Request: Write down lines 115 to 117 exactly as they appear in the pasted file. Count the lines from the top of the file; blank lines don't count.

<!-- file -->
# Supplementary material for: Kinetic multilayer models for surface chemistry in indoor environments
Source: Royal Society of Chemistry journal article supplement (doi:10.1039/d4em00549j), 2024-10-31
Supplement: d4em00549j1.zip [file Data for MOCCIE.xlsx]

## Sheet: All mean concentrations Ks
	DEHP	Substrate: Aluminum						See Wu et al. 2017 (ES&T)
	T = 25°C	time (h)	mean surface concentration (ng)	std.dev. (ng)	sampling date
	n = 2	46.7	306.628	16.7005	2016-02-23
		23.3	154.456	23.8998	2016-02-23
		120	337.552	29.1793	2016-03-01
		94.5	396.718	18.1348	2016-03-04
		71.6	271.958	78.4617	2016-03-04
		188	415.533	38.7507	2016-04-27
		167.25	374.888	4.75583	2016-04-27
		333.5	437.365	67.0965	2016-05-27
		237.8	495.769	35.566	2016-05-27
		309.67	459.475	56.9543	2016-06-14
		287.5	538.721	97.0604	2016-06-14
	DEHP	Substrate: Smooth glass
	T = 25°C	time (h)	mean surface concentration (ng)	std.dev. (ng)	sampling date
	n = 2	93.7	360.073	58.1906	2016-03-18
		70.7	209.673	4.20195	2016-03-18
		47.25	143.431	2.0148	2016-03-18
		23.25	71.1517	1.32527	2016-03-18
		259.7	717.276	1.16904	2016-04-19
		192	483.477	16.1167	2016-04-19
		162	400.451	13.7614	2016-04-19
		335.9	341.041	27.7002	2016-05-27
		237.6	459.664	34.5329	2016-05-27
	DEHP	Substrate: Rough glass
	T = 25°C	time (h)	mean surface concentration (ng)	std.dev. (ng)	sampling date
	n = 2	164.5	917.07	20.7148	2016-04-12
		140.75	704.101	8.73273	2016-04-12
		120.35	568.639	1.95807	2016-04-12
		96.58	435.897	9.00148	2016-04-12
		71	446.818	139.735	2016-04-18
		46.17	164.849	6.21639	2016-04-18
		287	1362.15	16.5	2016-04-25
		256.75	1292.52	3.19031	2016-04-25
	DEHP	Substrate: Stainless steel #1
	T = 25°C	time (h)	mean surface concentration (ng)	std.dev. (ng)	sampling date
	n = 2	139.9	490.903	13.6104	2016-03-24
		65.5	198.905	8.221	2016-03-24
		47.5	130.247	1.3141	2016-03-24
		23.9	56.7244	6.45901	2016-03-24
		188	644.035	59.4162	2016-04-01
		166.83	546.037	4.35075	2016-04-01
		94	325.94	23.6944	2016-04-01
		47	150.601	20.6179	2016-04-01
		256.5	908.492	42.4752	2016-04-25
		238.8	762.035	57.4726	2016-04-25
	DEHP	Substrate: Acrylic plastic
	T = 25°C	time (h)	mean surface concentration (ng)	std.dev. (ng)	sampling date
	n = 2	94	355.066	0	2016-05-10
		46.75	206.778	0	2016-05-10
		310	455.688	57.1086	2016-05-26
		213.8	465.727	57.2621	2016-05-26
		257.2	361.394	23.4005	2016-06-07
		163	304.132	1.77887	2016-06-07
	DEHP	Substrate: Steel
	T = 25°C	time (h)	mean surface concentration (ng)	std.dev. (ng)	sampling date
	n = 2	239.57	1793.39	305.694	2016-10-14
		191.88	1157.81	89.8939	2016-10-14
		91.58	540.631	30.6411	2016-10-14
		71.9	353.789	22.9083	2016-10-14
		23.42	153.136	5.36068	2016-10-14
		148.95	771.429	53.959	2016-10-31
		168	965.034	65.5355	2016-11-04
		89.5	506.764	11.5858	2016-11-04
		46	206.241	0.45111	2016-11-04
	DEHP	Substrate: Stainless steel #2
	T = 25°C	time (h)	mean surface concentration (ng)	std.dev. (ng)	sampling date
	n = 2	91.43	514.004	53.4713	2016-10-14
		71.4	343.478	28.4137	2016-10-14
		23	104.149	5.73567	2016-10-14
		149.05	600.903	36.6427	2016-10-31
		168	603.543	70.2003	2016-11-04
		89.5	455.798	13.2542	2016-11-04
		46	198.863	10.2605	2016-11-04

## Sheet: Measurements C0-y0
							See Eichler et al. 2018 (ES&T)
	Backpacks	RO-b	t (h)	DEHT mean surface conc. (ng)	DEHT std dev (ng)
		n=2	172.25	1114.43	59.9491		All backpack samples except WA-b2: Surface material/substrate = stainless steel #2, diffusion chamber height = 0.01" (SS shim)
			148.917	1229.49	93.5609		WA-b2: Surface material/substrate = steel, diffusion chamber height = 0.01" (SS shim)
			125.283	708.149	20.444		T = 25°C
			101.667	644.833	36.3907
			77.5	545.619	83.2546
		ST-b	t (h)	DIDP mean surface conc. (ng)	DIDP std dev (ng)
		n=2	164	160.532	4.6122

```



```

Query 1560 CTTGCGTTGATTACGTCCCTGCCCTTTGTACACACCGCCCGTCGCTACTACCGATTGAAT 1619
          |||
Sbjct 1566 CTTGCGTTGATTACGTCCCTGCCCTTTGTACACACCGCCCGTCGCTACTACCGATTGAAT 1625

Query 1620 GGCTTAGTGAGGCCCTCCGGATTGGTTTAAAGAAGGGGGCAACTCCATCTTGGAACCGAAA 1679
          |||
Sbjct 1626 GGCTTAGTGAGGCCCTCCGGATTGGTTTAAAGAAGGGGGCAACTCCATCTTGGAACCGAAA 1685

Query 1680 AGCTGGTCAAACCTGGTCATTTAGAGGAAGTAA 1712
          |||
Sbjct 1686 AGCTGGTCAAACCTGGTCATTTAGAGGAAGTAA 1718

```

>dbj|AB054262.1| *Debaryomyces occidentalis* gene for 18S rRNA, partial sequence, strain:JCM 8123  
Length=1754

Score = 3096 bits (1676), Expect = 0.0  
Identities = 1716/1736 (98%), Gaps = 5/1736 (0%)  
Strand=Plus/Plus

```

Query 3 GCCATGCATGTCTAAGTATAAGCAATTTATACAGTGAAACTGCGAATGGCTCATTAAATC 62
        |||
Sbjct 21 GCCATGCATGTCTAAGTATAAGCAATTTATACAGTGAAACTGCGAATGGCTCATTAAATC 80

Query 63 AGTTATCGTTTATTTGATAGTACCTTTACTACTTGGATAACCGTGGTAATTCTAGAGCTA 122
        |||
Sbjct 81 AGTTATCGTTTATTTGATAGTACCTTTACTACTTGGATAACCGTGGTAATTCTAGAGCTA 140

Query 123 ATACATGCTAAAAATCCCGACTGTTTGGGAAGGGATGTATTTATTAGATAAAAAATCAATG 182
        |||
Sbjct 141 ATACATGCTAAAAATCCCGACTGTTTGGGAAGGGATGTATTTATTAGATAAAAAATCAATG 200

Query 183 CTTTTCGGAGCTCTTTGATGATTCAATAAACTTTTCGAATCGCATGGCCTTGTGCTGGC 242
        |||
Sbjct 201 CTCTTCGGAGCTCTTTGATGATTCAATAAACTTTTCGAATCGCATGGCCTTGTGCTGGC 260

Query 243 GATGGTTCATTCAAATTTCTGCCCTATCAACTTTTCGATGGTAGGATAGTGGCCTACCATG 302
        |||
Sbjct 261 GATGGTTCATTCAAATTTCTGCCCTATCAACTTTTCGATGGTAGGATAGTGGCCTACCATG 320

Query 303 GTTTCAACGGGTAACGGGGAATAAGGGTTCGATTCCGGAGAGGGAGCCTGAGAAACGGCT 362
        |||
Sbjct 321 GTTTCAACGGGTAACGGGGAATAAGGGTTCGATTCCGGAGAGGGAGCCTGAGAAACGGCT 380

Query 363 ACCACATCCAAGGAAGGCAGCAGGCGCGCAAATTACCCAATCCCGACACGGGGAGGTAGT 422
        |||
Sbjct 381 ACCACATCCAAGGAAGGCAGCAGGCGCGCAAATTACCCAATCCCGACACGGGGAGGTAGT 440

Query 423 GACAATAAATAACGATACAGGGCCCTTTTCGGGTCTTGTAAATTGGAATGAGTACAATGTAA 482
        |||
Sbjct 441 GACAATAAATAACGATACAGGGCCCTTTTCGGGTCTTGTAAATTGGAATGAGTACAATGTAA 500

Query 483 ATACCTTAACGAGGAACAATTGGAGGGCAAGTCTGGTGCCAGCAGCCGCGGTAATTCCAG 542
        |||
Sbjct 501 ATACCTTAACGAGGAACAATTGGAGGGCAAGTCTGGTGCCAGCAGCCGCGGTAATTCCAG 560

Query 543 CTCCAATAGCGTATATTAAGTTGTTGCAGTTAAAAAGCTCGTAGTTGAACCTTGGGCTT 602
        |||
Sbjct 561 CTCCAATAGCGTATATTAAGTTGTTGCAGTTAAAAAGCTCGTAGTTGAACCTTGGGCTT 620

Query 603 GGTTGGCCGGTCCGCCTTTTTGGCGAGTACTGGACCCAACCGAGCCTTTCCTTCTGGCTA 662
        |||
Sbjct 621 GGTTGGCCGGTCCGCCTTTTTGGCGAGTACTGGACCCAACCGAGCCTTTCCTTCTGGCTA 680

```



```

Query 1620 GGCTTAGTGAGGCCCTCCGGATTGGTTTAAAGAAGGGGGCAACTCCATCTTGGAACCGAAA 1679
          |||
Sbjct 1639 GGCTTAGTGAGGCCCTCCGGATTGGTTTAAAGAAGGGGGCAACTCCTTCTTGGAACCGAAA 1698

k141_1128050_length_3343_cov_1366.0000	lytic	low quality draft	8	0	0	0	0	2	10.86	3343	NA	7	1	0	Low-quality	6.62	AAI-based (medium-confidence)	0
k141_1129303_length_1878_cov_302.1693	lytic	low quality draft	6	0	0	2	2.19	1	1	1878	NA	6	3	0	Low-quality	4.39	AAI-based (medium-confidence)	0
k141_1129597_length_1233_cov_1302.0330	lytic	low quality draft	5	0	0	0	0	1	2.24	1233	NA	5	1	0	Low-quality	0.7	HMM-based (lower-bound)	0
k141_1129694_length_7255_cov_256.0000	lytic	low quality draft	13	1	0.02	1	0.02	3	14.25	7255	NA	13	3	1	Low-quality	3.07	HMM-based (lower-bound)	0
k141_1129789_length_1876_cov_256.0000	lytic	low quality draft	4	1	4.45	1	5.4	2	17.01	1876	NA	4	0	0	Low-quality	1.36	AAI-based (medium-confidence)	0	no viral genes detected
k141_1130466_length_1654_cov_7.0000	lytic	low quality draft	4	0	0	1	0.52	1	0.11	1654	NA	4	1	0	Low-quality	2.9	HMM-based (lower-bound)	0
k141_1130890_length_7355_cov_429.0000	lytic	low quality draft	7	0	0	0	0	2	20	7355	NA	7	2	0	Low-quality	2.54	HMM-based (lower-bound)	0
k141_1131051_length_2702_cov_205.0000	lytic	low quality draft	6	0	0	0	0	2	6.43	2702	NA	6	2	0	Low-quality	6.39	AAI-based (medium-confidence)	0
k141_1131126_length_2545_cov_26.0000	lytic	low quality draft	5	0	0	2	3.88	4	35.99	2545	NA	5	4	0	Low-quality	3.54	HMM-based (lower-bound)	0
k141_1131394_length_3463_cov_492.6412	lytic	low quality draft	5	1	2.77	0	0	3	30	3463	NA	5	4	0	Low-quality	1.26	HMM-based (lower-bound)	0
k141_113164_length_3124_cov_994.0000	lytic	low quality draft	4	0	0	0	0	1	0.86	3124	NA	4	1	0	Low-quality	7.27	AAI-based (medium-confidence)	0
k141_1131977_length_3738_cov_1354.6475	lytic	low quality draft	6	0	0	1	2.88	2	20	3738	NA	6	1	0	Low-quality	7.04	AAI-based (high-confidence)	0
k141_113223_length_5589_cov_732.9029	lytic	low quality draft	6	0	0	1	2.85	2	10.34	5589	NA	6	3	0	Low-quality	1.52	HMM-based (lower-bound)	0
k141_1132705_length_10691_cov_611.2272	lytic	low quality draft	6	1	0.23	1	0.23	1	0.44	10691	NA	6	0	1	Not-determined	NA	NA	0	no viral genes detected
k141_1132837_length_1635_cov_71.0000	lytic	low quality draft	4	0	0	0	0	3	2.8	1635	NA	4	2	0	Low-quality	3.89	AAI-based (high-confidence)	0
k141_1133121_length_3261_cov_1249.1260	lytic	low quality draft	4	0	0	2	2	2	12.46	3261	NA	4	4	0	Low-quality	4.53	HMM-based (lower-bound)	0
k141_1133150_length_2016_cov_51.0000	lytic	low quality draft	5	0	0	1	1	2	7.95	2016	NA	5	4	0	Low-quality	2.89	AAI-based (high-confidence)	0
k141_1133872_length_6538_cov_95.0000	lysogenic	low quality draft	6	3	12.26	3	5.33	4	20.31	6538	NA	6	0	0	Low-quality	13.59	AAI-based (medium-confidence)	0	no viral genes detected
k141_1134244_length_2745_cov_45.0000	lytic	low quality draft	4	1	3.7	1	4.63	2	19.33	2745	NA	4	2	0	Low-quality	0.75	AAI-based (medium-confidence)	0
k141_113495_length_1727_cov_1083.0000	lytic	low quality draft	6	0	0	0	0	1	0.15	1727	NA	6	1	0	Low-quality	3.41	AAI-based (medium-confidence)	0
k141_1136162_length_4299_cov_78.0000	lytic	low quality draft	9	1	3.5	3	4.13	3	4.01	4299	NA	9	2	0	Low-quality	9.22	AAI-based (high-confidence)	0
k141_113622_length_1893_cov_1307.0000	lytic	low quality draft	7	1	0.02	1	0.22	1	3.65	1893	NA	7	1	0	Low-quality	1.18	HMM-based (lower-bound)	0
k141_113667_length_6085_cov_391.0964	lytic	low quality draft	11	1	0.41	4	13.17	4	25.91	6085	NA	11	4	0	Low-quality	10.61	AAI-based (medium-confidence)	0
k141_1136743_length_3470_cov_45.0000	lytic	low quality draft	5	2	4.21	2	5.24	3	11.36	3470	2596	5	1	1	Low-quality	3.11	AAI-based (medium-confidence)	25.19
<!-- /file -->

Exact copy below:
Sbjct 141 ATACATGCTAAAAATCCCGACTGTTTGGGAAGGGATGTATTTATTAGATAAAAAATCAATG 200

Query 183 CTTTTCGGAGCTCTTTGATGATTCAATAAACTTTTCGAATCGCATGGCCTTGTGCTGGC 242
        |||